Thursday, August 17, 2023

Parablepsis to the Rescue in Jude 12


Jude 12 has an above average number of variants in it. But one in particular is quite striking. It’s the addition of the words γογγυσταὶ μεμψίμοιροι κατὰ τὰς ἐπιθυμίας αὐτῶν πορευόμενοι (“grumblers, malcontents, following their own desires”). This longer reading is found in 01*, 04C, 1270, 1297, 1827, and some Coptic witnesses at the end of v. 11 and must come from v. 16. How did it get here? Probably by dittography caused by the presence of οὗτοί εἰσιν in both verses. But that is a long way for an eye to skip as seen in Codex Sinaiticus.

The red lines mark the shared verbiage in v. 12 and v. 16 (οὗτοί εἰσιν).

Is it really possible that a scribe’s eye skipped that far? I doubt it. Thankfully, Tommy Wasserman’s dissertation cites J. Rendel Harris who provides a better explanation. He suggests that the mistake happened when the two verses were on the same level in parallel columns. The scribe’s eye jumped, not just from one verse to the other, but from one column to the other. The longer reading wasn’t always corrected, in part, because as Tommy notes, it fits pretty well in v. 12 given the reference to Korah’s rebellion in v. 11 and the grumbling that was a key part of it (cf. Num 16.11; 17.6 etc.).

All this is well and good. It explains how the scribe got off track. What it doesn’t answer is how he got back on. How does a scribe go from jumping columns like this and not leave out everything in between (vv. 12–15) as a result? A mistake that big would not have gone unnoticed and therefore would not have survived like it has in the tradition. What gives?

At this point, the corrector in Sinaiticus may offer a clue. Just after the addition (marked as such), we find another correction in the small addition of οἱ out in the margin before ἐν ταῖς κτλ. 

The article οἱ has been added in the margin in 01

Sure enough, the other three Greek manuscripts with the longer reading also lack the article οἱ after the addition (04 is not extant at this point per ECM). Since those are the same last two letters in the addition (πορευόμενοι), might it be possible that, having skipped to the wrong verse, the scribe’s eye now skipped back to the right one thanks to the letters -οι? From there, he carried on with the rest of v. 12, missing only the οἱ. This would explain why his mistake went completely unnoticed and how he managed to skip from v. 12 to v. 16 without leaving out everything in between. In short, he managed to get himself back on track without ever having realized he left it. 

If so, then we have a rather fun case where one parablepsis led to a lengthy addition and a second parablepsis kept it from leading to a much larger omission—while the combination kept the scribe from noticing he made either mistake.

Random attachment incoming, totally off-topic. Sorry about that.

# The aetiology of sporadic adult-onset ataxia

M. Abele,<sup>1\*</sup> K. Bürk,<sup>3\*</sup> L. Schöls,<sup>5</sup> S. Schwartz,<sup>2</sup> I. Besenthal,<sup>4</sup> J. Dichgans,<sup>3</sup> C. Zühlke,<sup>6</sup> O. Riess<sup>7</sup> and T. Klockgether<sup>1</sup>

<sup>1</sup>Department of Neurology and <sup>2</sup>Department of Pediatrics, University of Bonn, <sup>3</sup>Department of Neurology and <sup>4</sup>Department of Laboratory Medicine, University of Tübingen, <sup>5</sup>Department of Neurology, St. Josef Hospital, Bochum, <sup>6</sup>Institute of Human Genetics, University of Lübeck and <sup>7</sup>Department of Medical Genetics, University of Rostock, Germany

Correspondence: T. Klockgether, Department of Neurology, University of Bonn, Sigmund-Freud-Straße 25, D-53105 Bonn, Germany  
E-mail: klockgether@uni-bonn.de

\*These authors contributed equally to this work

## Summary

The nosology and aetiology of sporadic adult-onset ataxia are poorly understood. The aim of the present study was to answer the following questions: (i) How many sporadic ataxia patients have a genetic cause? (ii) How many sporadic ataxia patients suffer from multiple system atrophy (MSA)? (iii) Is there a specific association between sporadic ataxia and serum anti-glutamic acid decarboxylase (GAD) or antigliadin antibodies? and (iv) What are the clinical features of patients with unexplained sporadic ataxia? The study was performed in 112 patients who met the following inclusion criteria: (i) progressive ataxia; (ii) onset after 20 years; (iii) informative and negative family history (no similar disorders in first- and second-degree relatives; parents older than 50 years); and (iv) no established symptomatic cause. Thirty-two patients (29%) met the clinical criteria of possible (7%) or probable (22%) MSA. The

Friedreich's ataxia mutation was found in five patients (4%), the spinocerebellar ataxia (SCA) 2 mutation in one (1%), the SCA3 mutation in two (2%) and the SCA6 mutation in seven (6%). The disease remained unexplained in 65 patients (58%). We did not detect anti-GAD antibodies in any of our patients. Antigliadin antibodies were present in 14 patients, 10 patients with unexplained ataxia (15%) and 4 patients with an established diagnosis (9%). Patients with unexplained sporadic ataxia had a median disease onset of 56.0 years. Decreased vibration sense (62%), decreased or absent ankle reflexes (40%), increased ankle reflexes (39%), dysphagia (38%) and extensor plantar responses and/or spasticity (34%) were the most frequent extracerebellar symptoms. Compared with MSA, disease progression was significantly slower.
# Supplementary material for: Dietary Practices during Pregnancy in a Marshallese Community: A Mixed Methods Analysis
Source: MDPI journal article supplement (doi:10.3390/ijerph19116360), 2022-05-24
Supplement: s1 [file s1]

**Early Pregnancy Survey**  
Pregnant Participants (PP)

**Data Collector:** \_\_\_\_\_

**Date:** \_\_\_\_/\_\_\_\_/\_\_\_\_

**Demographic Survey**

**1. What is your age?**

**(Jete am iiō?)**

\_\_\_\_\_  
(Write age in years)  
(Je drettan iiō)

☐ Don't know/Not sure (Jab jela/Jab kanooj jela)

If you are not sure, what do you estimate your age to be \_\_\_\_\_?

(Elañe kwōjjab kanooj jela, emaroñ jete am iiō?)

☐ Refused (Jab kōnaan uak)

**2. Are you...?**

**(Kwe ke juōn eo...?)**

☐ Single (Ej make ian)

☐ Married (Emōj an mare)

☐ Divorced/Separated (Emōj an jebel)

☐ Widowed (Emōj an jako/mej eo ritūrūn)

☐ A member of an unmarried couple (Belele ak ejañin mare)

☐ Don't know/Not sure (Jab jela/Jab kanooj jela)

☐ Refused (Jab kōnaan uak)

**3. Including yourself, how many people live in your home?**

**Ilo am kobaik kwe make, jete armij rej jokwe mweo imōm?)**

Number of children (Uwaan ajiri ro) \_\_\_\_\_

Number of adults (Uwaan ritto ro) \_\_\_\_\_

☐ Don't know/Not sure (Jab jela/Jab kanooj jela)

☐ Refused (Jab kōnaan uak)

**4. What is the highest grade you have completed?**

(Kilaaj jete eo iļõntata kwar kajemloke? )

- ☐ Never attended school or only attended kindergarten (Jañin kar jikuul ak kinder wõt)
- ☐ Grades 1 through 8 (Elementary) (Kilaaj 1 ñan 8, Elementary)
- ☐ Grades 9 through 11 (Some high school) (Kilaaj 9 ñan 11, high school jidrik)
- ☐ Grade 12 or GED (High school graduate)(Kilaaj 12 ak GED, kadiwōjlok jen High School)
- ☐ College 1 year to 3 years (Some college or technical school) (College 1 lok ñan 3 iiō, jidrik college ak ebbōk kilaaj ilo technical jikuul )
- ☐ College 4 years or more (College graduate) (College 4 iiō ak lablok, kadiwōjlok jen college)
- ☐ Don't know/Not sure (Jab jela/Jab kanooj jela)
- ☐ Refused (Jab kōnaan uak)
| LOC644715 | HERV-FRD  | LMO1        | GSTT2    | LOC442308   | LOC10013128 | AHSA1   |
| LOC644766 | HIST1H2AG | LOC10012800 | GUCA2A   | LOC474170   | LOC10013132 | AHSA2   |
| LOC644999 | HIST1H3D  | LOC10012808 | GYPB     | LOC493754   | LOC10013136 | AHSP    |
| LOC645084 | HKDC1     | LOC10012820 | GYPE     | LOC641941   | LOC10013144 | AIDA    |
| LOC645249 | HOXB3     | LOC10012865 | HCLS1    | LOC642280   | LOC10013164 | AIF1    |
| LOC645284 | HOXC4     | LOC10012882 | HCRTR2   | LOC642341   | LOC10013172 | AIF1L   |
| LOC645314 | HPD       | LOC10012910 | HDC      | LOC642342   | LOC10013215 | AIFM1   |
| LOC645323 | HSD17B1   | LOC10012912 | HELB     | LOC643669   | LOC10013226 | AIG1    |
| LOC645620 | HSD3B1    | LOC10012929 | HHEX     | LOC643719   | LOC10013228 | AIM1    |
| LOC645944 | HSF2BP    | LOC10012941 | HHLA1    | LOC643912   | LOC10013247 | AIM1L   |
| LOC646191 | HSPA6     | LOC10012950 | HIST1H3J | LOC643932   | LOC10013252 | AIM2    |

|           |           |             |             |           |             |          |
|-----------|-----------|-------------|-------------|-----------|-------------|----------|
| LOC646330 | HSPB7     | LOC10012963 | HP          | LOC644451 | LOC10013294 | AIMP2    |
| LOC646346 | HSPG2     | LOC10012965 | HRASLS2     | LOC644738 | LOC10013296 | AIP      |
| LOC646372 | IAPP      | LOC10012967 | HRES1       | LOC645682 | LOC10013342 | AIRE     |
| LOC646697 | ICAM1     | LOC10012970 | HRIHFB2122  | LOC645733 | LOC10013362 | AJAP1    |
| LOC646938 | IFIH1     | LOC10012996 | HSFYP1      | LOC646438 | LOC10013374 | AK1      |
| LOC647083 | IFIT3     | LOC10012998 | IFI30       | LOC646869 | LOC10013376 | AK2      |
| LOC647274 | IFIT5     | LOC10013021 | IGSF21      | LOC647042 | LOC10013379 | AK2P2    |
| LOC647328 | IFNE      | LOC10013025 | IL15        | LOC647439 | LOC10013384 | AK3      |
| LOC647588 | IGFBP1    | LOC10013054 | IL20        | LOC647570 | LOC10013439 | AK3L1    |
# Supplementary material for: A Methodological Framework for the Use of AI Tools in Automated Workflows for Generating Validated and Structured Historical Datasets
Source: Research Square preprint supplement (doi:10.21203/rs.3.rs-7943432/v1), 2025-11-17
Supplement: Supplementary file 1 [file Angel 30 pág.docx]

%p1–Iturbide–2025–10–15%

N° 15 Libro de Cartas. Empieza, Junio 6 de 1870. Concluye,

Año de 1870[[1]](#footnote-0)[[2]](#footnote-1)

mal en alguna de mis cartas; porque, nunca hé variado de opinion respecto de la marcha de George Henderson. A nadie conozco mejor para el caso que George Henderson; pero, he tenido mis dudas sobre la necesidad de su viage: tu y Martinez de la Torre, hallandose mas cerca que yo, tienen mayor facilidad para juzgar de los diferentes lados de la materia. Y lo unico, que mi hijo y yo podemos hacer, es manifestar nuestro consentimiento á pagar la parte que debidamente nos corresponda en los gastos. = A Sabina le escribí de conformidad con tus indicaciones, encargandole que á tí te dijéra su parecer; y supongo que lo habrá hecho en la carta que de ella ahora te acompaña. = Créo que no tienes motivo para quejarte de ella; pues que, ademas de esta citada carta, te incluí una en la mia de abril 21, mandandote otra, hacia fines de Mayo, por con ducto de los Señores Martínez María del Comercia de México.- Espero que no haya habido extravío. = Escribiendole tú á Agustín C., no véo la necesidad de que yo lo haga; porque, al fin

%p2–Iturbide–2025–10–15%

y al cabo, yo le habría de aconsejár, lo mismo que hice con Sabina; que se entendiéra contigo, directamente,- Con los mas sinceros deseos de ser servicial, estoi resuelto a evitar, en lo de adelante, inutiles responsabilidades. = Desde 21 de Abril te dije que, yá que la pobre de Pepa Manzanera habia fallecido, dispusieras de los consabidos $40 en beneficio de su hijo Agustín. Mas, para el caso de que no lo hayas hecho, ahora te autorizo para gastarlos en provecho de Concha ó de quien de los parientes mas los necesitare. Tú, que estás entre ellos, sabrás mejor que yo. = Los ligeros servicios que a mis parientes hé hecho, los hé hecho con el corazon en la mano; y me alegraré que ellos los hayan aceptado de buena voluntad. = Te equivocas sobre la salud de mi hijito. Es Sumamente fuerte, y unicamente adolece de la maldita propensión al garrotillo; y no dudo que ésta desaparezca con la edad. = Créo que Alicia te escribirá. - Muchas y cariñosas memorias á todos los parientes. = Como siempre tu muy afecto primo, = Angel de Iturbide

1. So this is basically a doubly conjectural explanation.

  2. Tommy Wasserman8/18/2023 3:31 pm

    I haven’t looked at this for many years but from the top of my head I can say that the agreement between attesting mss must be very old because this is a major rewriting which is very unlikely to be independently created several times in the transmission, so I think all the attestations go back to a major mistake by one scribe. This is the starting point of the reasoning. The next step is to find an explanation how this could happen, and there I apparently referred to Rendell Harris’ proposal.

  3. Could this same phenomena occur by the scribe skipping a page? I have seen huge segments of text skipped over resulting in a multi verse omission. Then on the next page the scribe picks up at the beginning of the omitted text and continues on without skipping a beat. Then, when the scribe reaches the section that had already been copied before it is simply recopied and the duplicated text that is out of order (from the previous omission) is not marked for deletion. This all occurred at page transition ls so I had thought that perhaps this had happened during a page transition. It looks like when the scribe changed pages they had lost their place and recopied the text without even realizing the duplication and the previous omission. I would have to hunt through my notes to find the specific manuscript and example.

  4. Richard Fellows8/18/2023 5:50 pm

    16a may have come to mind when a reader started reading verse 12, since both verses start with the same two words. Since 16a fits the context after verse 11, the reader may have assumed that there had been an omission and (s)he may have added (from memory) the words from 16a that he assumed were missing from verse 12.

    1. Or a copyist may have had 2 John 16a in his memory and he may have written it out after reading the first two words of verse 12, without bothering to check his exemplar. Some such misapplication of memory seems more likely to me than a very long skip of the eye.